Of the ten acts inducted into the Rock and Roll Hall of Fame earlier this year, three are deceased, one's virtually forsaken rock for religion, and most of the rest seem comfortably settled into legend, far from the madding charts, champions to be cherished in dignified repose. With the exception of James Brown – recently back in the pop Top Ten – only the Everly Brothers, out of this galaxy of pioneering stars, glow on at something close to their original artistic voltage.
This is ironic, because the Everlys, with their clean-cut looks, pristine country harmonies and string of early teen hits largely written to order by Nashville tunesmiths, have in the past seemed to some the embodiment of domesticated white-boy rock – well-mannered worlds away from the rowdier stance of Chuck Berry or Jerry Lee Lewis, the lunatic rumpus of Little Richard, the raw soul of Ray Charles. And yet, here they are, twenty-nine years after their first hit, "Bye Bye Love," creating whole new worlds for those heart-melting harmonies to inhabit. Their voices are richer now, and more complexly intertwined. Their songs no longer celebrate the bird dogs and little Susies of their original success, but neither do they first with the musical middle of the road. Although they have always been nonpareil balladeers, the Everlys remain, at heart, root-level rock & rollers. Their "comeback" – the 1983 reunion concerts at London's Royal Albert Hall and the two extraordinary studio albums they've released in their wake-has escaped all suggestions of a "rock revival." (As Don says, explaining why he and Phil have never played an oldies show, "Rock & roll should never have to make a comeback,")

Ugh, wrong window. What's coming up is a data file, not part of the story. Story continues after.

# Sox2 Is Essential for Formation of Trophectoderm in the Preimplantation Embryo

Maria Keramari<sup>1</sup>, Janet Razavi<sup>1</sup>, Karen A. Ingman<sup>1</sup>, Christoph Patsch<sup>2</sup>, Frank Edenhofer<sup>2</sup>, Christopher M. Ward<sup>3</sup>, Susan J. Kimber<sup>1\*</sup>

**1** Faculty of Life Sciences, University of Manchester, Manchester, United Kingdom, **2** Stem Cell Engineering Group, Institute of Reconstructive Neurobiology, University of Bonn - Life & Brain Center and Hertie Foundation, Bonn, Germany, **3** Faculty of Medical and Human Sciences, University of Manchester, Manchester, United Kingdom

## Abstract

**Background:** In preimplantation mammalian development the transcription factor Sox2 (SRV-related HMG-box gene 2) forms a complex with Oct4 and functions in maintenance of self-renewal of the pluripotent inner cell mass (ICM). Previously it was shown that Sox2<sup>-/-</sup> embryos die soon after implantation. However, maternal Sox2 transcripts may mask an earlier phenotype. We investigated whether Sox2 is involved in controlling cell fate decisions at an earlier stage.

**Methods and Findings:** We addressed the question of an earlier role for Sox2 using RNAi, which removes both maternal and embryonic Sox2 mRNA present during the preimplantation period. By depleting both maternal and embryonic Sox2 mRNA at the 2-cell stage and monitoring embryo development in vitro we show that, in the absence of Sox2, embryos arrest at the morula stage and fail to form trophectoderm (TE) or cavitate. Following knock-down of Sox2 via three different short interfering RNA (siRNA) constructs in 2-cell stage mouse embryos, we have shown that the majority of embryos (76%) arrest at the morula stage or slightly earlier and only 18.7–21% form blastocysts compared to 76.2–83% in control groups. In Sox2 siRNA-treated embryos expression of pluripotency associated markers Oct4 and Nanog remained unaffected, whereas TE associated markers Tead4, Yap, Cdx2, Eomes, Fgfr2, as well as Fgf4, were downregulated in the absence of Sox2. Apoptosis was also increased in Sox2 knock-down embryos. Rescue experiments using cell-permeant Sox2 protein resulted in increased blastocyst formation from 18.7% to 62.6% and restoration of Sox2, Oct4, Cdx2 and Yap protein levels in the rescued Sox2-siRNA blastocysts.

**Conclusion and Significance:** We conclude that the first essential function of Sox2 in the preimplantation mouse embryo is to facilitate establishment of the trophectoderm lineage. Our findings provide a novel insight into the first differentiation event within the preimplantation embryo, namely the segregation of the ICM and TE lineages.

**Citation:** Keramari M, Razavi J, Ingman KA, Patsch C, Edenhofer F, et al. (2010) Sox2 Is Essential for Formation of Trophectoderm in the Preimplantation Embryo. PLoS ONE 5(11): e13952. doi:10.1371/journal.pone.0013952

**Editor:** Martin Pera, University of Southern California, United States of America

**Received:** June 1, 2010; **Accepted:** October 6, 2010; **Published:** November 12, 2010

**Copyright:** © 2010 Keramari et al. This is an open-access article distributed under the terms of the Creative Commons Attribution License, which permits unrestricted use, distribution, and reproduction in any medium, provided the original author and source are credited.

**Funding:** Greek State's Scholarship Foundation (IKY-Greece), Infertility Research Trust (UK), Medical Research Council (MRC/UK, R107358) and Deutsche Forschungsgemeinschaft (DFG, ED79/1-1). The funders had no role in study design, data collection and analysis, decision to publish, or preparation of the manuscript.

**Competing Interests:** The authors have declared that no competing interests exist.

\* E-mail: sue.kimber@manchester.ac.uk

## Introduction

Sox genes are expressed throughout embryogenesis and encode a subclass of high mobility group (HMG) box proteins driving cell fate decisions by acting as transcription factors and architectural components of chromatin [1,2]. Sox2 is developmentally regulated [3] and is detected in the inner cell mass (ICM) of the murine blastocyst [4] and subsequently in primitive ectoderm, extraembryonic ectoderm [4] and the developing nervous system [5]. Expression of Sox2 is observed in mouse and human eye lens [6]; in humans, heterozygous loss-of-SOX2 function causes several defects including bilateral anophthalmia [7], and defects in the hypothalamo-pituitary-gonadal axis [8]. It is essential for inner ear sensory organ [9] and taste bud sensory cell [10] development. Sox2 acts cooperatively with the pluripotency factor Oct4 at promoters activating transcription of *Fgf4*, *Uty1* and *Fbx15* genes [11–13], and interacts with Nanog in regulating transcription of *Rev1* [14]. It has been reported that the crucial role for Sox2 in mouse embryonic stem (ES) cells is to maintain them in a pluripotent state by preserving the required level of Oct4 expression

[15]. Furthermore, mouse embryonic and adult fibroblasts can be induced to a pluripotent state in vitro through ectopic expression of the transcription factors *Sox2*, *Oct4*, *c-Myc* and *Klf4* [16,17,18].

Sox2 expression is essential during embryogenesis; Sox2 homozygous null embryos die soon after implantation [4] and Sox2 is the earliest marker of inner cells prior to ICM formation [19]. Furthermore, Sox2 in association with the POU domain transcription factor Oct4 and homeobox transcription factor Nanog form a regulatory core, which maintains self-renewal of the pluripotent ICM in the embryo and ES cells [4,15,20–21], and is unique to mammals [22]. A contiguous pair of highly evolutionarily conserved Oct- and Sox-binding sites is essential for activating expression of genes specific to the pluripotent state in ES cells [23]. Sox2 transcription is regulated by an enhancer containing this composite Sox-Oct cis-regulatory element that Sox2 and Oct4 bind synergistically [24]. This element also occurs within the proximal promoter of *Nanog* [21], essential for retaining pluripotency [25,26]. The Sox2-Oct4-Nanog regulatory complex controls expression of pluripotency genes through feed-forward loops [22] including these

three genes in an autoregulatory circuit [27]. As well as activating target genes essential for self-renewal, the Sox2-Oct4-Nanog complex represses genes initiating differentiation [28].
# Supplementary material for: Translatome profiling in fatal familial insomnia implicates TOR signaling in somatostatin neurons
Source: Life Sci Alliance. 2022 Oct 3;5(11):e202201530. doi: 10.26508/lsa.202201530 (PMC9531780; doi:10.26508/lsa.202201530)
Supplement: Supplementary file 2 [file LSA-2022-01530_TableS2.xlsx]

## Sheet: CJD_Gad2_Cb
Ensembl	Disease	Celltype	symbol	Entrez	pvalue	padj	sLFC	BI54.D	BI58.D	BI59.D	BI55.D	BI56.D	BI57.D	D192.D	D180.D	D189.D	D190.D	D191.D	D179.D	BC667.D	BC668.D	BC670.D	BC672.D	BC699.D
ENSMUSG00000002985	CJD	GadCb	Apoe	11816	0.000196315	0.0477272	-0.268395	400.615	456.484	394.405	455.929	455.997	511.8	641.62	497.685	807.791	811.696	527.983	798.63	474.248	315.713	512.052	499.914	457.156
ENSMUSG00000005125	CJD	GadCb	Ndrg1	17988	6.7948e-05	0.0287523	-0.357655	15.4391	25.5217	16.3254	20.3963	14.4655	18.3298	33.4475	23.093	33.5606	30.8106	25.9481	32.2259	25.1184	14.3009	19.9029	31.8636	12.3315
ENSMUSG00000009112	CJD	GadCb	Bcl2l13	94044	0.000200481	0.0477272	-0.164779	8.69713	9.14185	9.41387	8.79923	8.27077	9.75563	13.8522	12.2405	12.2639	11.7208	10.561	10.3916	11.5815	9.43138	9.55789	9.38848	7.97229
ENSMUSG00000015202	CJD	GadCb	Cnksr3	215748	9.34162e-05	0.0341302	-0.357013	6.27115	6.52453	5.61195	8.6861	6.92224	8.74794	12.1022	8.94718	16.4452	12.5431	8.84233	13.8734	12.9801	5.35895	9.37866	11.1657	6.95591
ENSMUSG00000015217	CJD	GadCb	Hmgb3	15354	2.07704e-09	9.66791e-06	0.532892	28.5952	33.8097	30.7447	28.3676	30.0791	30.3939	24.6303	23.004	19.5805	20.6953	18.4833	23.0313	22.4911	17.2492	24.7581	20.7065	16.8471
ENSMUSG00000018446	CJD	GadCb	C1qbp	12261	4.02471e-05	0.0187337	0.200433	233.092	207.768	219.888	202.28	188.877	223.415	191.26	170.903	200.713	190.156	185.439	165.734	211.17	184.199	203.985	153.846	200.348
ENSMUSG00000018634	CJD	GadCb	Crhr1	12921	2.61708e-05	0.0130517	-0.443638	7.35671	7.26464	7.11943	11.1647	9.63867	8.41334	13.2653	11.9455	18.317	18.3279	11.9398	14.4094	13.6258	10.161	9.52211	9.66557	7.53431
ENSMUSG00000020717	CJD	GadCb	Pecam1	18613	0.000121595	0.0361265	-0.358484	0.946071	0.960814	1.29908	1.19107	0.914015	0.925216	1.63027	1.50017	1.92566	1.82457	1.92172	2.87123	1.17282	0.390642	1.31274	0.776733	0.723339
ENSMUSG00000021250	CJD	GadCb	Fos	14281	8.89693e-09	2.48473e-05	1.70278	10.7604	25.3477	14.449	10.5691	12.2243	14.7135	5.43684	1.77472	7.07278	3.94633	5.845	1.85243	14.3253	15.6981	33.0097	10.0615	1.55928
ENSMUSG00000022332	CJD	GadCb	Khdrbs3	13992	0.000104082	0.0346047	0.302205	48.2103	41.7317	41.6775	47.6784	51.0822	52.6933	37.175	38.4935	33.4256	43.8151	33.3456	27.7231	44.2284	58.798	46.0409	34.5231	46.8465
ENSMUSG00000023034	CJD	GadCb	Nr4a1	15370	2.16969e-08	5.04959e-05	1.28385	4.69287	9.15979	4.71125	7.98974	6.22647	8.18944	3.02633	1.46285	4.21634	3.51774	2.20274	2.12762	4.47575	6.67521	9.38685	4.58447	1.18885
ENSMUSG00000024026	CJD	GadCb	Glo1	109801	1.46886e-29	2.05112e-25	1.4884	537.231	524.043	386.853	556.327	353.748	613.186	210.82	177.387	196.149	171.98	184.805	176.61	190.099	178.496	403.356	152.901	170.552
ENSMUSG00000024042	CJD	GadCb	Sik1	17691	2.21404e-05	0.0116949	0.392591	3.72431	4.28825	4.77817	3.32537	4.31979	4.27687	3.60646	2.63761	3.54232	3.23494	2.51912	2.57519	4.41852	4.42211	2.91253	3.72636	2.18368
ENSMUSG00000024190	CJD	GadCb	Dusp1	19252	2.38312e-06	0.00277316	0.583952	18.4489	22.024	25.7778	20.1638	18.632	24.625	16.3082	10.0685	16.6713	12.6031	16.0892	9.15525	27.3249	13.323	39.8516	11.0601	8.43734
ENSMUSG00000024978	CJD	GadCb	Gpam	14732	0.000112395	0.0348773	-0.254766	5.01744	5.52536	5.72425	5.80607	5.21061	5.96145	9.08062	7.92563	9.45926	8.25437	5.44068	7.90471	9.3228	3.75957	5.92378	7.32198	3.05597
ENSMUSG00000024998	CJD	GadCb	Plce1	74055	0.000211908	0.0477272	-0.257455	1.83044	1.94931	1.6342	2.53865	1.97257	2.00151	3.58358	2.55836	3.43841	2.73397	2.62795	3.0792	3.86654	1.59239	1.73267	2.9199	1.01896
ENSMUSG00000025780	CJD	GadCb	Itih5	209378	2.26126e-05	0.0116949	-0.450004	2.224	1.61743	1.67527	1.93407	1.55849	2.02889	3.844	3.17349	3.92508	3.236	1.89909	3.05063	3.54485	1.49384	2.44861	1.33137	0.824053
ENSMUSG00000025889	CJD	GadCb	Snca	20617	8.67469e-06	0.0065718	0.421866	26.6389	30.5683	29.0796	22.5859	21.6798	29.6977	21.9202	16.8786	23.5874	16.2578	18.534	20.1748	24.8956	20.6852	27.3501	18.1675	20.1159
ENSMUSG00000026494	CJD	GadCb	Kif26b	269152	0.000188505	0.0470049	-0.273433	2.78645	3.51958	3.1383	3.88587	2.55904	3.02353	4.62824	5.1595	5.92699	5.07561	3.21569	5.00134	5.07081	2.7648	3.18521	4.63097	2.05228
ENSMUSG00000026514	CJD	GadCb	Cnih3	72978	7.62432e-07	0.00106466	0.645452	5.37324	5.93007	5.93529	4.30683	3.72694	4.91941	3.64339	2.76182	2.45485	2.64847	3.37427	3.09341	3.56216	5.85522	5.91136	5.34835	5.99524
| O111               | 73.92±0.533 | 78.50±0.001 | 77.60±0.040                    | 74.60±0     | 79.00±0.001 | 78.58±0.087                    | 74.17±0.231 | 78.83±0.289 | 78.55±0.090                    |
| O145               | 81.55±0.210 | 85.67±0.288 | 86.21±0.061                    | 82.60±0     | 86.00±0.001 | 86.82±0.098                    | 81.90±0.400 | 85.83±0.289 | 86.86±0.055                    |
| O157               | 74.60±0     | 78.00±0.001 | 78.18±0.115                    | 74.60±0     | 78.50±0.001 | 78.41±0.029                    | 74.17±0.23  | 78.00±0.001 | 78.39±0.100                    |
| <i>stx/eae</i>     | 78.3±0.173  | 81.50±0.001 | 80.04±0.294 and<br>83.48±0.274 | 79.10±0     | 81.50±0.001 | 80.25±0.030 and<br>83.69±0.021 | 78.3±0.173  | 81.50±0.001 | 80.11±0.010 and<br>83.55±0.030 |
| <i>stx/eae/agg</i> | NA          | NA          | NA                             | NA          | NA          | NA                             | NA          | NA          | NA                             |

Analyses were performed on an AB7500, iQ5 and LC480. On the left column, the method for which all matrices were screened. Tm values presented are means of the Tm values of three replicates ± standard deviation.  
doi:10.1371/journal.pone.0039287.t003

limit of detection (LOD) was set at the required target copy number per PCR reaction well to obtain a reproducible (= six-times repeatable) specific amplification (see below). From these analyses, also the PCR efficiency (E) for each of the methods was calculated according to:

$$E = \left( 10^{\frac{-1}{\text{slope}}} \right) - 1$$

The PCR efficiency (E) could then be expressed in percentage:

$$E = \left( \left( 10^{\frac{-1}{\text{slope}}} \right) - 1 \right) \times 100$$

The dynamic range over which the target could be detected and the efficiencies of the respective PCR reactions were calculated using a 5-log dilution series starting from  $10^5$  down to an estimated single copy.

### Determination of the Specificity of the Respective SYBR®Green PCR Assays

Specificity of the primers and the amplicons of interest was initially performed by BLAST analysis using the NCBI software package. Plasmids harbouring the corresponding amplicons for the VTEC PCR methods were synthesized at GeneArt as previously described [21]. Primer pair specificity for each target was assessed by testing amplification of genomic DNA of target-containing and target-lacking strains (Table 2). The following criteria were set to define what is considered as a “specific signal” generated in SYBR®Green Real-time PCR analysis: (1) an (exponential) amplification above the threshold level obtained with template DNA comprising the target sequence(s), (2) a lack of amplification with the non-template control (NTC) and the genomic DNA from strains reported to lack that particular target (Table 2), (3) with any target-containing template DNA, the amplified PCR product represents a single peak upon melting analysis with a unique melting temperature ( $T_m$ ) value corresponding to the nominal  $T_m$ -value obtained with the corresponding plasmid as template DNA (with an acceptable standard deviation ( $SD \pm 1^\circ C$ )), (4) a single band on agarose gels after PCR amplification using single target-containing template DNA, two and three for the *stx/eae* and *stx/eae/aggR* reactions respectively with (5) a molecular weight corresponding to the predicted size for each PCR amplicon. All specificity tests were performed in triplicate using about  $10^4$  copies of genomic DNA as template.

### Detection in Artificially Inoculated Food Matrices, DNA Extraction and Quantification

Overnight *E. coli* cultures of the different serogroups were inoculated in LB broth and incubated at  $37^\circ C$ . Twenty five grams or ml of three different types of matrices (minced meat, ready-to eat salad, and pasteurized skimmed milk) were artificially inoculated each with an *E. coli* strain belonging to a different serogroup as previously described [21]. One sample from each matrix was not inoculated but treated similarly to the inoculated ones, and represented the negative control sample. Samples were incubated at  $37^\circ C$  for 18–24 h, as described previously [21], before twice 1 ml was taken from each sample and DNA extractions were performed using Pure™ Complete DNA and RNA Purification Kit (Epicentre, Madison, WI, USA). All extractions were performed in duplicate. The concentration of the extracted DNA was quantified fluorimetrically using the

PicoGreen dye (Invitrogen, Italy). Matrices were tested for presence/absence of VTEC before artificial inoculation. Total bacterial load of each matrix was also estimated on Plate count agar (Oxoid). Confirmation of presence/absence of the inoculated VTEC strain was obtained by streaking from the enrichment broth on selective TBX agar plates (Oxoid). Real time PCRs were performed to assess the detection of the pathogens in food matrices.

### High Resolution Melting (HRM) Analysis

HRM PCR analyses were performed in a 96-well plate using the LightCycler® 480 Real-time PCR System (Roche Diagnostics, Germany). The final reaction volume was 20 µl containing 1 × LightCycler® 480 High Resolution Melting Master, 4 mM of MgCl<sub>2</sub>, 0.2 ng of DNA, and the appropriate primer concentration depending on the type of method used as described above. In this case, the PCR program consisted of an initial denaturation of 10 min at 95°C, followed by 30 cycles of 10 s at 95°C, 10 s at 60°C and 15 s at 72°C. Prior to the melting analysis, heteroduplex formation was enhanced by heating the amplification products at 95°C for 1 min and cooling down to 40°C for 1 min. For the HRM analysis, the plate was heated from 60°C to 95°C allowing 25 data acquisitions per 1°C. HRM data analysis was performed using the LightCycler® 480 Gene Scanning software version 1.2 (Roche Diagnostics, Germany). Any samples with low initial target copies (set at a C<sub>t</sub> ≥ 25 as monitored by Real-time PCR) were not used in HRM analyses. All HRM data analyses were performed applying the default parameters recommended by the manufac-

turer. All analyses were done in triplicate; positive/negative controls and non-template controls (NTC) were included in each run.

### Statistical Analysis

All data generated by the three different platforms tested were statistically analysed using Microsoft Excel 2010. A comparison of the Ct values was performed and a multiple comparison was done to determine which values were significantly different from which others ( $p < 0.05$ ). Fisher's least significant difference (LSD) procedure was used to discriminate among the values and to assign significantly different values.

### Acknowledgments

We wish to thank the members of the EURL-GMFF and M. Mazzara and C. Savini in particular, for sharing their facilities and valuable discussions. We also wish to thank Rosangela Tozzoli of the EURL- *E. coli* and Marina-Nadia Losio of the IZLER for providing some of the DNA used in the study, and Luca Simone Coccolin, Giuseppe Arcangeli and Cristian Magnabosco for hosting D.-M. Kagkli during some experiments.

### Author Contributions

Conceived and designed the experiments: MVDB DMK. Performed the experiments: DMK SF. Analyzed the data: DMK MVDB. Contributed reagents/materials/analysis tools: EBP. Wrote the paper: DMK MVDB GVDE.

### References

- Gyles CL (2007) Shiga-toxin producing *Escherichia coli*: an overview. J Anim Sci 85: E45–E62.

The Everlys have actually been making records for thirty years, if one counts their first effort, a quickie single called "Keep A'Lovin' Me," which was released and forgotten in February 1956. They have seen rock & roll evolve from a despised pop cult into the American musical mainstream – in which, after years of tears and trials, they are once again aswim. In late February, the Everlys got together in Los Angeles – where Phil has lived since 1960 and where Don was visiting, from his home in Nashville – to savor the critical response to the second album of their revitalized career, the recently released Born Yesterday. Interviews with the brothers were conducted separately, which seemed appropriate, for they are very different men. Donald (as his brother and friends call him), now forty-nine, is the darker-haired and bulkier of the two: rootless, restless, mercurial, a lover of good food, fine Beaujolais and beautiful women. Phil, a slender and weathered forty-seven, is diffident, reclusive, a homebody happiest away from the stage in his San Fernando Valley digs. Both are courteous and unaffected in a way that's more common among country performers than rock & rollers. In the beginning, with their crisply thrumming guitars and vibrant harmonies, the Everlys conjured a world of shimmering innocence eternally on the verge of experience, of First Love forever. By now, between them, they have notched up five divorces and can testify to the chillier realities of love's long later seasons. When Don sings, in the superb title song he wrote for the new LP, "He lost his mind today/She threw his clothes away/A love they thought would last/Just flew away," the new lyrics' import is perhaps as intimately pertinent to the Everlys' original audience, now deep in middle age, as were the dewier odes of their common, now-vanishing youth. In this new land of lengthening shadows, innocence is an ancient memory.
"It's hard to get fluffed up about love anymore," says Phil. "I've lived it. I try to avoid it. If I'm extremely fond of a woman, if I think I might really wind up walking down the aisle again … I go in another direction."
The women have come and gone; so have the drugs that disrupted their lives in the early Sixties. They've survived the years of endless gigs, the long dead nights on the road, the claustrophobic togetherness. Through it all, the wheel of musical fad and fortune spun on, oblivious to their art, to the beauty of two voices chiming as one, clicking on through Beatlemania, acid rock, the disco of the wretched Seventies. And through it all, they remained the Everlys – until one bottomed-out night in Southern California, after which they were lost even to each other for ten blood-denying years. Now they're back, older, maybe wiser, trying once again to hold the craziness at bay and to sing their song for a new generation.